Wednesday, September 19, 2007

Comparative Cosmopolitanisms and the Case of Orhan Pamuk

"This is an author that creates an immediate and almost childish joy of reading. He has stolen the novel, one can say, from us westerners and has transformed it to something different from what we have ever seen before ... His roots in two cultures ... allows him to take our own image and reflect it in a partially unknown and partially recognisable image, and it is incredibly fascinating." -- Horace Engdahl
Especially after reading Bruce Robbins' "Comparative Cosmopolitanisms," I am struck by the relevance of the debate accompanying Turkish author Orhan Pamuk's Nobel Prize, awarded just last year. The press surrounding the announcement in 2006 painted the author's work as an important nexus between East and West, particularly as the contemporary struggle for Turkey's membership in the EU wages. In interviews as well as in critical assessments of his oeuvre, the subject of dual cultural identity comes to the fore. It is less a divided, conflicted identity, than one that straddles two traditions within the shifting, local culture of his homeland. Turkey makes an endlessly interesting case for the interactions of the local and global.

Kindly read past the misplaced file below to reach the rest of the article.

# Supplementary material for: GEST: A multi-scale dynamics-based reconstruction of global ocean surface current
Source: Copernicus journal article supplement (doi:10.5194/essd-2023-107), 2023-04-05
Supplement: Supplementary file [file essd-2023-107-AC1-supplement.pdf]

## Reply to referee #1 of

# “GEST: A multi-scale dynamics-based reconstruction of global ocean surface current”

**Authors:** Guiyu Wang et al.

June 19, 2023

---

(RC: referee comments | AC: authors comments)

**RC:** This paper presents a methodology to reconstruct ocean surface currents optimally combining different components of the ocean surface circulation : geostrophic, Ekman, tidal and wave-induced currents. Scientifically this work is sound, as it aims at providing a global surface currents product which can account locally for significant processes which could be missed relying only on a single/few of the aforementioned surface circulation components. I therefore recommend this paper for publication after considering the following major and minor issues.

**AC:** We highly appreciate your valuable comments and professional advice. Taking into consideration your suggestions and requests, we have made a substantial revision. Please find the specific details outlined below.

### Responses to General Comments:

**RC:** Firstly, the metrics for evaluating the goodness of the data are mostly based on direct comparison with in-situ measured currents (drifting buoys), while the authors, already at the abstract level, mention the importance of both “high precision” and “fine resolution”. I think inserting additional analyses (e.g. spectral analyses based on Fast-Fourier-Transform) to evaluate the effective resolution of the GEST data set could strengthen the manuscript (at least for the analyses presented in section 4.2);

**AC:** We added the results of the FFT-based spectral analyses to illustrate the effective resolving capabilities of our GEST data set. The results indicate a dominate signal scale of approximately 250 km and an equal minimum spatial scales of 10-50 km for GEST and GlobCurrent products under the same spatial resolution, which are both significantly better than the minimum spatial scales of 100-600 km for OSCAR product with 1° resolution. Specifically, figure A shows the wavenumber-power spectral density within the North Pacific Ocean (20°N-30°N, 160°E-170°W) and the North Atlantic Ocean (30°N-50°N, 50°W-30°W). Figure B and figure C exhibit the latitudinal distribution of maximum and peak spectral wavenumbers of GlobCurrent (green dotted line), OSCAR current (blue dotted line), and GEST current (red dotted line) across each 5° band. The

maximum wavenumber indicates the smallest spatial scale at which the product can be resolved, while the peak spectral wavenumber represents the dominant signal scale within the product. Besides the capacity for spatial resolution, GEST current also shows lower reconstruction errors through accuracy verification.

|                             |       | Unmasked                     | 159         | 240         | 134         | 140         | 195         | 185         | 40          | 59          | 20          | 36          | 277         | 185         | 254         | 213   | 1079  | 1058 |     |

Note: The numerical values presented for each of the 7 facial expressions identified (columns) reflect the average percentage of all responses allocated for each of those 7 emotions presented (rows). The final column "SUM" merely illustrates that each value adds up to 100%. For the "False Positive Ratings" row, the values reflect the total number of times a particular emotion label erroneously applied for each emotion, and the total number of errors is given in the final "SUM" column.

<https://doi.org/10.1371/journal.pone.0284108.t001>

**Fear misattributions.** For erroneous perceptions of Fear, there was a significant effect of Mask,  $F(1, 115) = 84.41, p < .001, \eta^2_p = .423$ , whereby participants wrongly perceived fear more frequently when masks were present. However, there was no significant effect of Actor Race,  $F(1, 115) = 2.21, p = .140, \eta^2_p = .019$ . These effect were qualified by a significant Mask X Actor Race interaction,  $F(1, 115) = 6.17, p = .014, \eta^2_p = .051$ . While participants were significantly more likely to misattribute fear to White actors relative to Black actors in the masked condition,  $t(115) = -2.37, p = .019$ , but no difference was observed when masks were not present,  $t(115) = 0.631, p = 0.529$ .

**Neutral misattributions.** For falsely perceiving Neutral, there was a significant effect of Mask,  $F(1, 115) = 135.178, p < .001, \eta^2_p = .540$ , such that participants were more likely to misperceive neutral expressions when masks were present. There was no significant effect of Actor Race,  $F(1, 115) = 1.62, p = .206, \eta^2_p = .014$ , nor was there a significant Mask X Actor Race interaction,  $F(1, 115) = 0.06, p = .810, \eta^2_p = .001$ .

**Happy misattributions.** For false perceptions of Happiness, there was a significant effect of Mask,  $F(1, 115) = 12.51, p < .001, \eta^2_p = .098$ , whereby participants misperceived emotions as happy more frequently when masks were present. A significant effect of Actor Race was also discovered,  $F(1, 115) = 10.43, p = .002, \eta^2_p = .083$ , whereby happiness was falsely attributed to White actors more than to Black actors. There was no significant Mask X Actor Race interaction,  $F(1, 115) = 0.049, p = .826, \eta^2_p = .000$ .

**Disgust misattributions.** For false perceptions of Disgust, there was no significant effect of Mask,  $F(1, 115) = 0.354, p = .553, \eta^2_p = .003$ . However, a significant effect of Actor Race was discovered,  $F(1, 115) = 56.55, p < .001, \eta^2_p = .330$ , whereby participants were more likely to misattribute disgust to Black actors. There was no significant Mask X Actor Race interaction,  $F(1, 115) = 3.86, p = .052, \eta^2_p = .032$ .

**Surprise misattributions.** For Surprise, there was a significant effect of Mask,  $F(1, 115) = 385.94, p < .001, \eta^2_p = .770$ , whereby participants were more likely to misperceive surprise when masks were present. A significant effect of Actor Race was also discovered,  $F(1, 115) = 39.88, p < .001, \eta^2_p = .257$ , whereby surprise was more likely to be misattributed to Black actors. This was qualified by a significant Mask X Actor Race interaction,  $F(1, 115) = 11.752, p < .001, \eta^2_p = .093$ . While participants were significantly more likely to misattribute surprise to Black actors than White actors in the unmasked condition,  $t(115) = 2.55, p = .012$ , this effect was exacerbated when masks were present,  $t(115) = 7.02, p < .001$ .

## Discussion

Given the canonizing impulse of the Nobel Prize and the loaded reality of awarding it to a Turkish author, how can we tie this case with Robbins' treatment of "third world metropolitan celebrities"? Compared with Salman Rushdie, whom Tim Brennan places in a group of removed, palatable (to Westerners) "cosmopolitan commentators on the Third World," what does Pamuk's work do? Andrew Finkel, a London-based journalist, has said that Pamuk "wasn't afraid to be an intellectual," and thus "changed what people thought a Turkish novel would be." Who is/are the target reading public(s) and what does this mean for his inclusion in the Western academies?

I'm particularly interested in the assertion that to be truly politically engaged/engaging is to be rooted in the national. As he deals indisputably in the local as well as the historical specificity of his childhood, draped in artful nostalgia, where would you place Pamuk (and authors like him) in this ongoing discussion?

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